Just Between Friends has received national coverage from ABC News, Good Morning America, CNN, Headline News, Inside Edition and CNBC’s The Big Idea.
How many hours do you work a week, and how much is spent in your home office?
My office is at home, so that is where I work from every day. Each of our franchisees also works from home, as well as our staff. We love virtual offices!
Most JBF franchisees work less than 10 hours per week or less during the off-season. The few weeks preceding and following a sale are significantly more, depending upon the size of your sale.
The more you work, the more potential for growth.
JBF is not a secret sauce where you make money in your sleep. However, it does have a high growth rate if you are willing to work hard and hustle; there is no limit to your success.
How would you rate your success?
I think Just Between Friends is successful because it has seen significant growth every year since its inception. This concept makes sense to moms, who need to make money on their children’s items, so they can turn around and reinvest that money in the next phase of their children’s’ lives.
JBF is only a success after each mom is successful. Our business model is unique in that we focus first on helping each mom make the most of the items she sells. We’re also trying to help each mom who shops find the best bargains. We must be doing something right because more than 350,000 American families are participating in JBF events, and that number grows every day. We hope to expand to every city and state in America in the next five years!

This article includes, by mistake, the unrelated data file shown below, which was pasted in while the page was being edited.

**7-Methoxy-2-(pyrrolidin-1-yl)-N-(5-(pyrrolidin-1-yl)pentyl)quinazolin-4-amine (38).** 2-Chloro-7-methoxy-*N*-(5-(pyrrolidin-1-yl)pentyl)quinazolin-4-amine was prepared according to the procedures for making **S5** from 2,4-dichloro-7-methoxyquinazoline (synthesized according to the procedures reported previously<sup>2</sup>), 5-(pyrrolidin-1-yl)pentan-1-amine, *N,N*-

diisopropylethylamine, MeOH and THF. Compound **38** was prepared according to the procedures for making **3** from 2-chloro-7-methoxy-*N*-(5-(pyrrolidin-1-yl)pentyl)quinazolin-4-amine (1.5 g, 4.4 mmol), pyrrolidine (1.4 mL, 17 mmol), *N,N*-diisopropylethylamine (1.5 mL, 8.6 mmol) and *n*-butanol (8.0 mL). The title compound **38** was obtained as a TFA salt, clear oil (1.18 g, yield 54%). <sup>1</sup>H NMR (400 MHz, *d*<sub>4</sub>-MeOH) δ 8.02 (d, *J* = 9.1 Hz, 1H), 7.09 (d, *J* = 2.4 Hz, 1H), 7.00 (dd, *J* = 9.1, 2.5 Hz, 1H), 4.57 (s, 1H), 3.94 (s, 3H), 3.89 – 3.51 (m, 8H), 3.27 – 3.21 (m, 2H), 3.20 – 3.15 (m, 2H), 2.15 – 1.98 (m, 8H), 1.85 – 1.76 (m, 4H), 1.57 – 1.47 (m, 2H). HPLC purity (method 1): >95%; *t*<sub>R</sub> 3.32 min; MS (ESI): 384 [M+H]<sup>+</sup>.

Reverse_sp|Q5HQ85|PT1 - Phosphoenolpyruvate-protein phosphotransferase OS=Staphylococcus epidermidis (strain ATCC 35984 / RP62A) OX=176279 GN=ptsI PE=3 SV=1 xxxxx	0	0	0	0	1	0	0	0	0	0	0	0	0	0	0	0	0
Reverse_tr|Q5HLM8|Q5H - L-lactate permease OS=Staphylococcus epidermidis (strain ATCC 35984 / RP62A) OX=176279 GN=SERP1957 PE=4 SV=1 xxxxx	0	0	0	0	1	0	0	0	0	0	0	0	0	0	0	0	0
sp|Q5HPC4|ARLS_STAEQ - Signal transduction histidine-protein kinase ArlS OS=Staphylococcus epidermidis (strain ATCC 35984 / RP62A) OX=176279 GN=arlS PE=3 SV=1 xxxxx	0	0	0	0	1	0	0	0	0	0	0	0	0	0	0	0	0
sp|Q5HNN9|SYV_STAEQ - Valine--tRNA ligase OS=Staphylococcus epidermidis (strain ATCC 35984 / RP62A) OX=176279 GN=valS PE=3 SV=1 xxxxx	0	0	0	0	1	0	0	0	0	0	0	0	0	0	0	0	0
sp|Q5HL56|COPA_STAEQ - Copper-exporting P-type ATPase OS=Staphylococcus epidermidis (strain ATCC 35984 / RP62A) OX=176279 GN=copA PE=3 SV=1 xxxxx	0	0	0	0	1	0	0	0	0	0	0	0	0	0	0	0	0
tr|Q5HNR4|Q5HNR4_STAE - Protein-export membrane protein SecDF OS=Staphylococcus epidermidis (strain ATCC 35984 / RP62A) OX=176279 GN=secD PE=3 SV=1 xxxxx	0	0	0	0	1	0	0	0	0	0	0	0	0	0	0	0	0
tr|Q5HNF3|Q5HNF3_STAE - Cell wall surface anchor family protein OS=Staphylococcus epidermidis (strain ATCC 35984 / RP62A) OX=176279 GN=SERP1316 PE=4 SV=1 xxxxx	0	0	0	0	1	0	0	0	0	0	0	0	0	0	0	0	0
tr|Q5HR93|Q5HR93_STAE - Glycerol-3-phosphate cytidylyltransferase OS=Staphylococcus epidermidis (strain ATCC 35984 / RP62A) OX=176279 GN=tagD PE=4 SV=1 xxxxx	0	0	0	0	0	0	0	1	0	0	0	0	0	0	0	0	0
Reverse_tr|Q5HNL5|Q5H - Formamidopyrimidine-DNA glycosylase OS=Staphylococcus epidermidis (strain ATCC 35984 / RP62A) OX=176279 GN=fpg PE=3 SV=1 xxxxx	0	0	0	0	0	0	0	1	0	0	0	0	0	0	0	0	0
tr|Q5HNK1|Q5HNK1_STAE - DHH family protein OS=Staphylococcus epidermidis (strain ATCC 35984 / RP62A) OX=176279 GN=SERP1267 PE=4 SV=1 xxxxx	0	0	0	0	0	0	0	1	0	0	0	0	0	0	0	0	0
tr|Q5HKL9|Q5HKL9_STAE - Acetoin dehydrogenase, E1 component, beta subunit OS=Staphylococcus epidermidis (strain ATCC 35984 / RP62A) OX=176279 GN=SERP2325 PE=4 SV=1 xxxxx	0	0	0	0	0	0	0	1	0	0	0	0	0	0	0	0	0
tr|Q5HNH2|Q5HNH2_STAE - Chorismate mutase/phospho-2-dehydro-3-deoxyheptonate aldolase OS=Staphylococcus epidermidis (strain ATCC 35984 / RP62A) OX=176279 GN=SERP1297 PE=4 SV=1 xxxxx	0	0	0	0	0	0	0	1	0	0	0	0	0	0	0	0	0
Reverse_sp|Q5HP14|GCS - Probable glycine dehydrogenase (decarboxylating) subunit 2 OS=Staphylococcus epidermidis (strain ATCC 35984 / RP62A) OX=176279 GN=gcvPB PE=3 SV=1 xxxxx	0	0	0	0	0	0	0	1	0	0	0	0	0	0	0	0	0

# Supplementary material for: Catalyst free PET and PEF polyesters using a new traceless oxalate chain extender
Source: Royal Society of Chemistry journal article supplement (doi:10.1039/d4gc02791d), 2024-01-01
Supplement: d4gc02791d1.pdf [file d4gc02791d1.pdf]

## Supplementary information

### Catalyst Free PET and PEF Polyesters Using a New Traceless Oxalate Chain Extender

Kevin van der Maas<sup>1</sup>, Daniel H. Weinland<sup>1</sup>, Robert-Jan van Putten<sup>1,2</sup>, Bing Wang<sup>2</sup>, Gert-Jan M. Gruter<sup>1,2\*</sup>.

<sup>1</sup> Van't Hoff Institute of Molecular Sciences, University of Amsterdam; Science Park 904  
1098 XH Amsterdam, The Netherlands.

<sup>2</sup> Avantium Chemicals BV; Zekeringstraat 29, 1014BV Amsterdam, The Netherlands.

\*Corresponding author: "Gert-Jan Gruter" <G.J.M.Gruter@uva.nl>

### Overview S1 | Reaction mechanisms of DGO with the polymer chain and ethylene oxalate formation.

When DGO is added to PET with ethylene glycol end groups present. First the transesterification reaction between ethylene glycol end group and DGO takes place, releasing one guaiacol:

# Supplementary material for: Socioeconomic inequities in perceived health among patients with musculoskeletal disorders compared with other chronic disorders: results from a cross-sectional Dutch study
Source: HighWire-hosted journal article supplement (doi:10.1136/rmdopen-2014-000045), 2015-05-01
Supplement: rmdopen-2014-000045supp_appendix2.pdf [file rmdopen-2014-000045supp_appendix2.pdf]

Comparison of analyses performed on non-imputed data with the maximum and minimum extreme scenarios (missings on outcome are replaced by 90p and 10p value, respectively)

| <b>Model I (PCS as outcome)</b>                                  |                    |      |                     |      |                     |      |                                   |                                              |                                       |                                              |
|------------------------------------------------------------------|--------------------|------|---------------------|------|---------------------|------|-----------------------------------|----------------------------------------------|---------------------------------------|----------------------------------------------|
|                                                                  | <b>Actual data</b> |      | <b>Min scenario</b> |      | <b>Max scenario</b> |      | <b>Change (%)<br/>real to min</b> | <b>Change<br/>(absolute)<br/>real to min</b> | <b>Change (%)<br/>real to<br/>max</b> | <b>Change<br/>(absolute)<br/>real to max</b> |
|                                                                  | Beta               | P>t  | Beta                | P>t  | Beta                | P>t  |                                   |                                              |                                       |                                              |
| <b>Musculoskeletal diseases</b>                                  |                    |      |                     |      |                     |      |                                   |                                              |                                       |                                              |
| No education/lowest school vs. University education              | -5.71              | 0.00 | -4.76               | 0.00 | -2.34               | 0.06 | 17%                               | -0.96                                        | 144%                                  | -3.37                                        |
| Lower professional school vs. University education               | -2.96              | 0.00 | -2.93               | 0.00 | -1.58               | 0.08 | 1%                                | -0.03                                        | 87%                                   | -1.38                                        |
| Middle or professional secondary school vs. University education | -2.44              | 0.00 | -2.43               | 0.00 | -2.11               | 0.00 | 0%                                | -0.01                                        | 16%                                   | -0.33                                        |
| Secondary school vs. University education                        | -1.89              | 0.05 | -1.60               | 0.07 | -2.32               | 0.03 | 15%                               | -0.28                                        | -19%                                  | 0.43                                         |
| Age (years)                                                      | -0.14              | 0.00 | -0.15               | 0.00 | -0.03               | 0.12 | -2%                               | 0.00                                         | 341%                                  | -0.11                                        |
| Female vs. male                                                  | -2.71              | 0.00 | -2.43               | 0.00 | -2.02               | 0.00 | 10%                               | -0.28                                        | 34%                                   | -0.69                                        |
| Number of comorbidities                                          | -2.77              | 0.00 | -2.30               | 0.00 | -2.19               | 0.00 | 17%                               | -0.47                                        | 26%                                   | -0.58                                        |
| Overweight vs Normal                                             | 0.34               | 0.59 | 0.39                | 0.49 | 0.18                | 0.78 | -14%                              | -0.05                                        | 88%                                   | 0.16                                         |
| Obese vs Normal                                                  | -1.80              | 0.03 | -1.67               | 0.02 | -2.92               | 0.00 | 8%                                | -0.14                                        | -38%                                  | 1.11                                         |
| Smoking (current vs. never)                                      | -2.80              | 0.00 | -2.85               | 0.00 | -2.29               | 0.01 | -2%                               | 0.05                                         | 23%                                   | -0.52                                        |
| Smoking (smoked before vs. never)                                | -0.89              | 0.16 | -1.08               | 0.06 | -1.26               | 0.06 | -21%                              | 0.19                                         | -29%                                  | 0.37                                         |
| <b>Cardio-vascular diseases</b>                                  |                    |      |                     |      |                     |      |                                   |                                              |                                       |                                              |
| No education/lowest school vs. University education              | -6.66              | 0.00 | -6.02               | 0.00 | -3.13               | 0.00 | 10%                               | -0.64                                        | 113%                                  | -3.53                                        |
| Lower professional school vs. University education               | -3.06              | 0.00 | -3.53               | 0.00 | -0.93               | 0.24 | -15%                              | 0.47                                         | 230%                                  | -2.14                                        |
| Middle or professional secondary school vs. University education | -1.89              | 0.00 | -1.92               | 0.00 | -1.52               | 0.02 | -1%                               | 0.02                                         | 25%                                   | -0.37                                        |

What has been your biggest business struggle as an entrepreneur?
Being so passionate about what I do overshadows some of the decisions I make. I love Just Between Friends and what it means to families across the US. The single, teenage mom who had no idea how she was going to clothe her baby until she found JBF. The mom whose house burned down and needed EVERYTHING for her kids. Or the mom of multiples who needed to outfit three little ones.
These are the things that get me so excited, but, I’ve had to learn to balance that passion with positive influences in my life. Mentors who will bring me back down to earth and remind me about quarterly taxes, reordering checks, and managing bounced emails. It’s easy to focus on the things you love to do, and I let that be the fuel that helps me to manage the necessary tasks that I’d rather forget about.
What advice would you give to an individual who is considering purchasing a franchise?
Make sure that you absolutely, unequivocally, LOVE helping moms, technology, people, and organization. Just Between Friends combines these things into one organization that can benefit a community and its families in countless ways.
How do you manage all of your personal and business activities?
I purpose to do so. You have to plan to do well, and then you plan how you’re going to manage all of your tasks. For example, are you waiting for your daughter to get out of tennis lessons? Answer emails. Too busy to clean and work? Hire a housekeeper. Need to get some one-on-one time with the hubby? Hire a team and train them even better.
Thanks to Shannon Wilburn for sharing her story!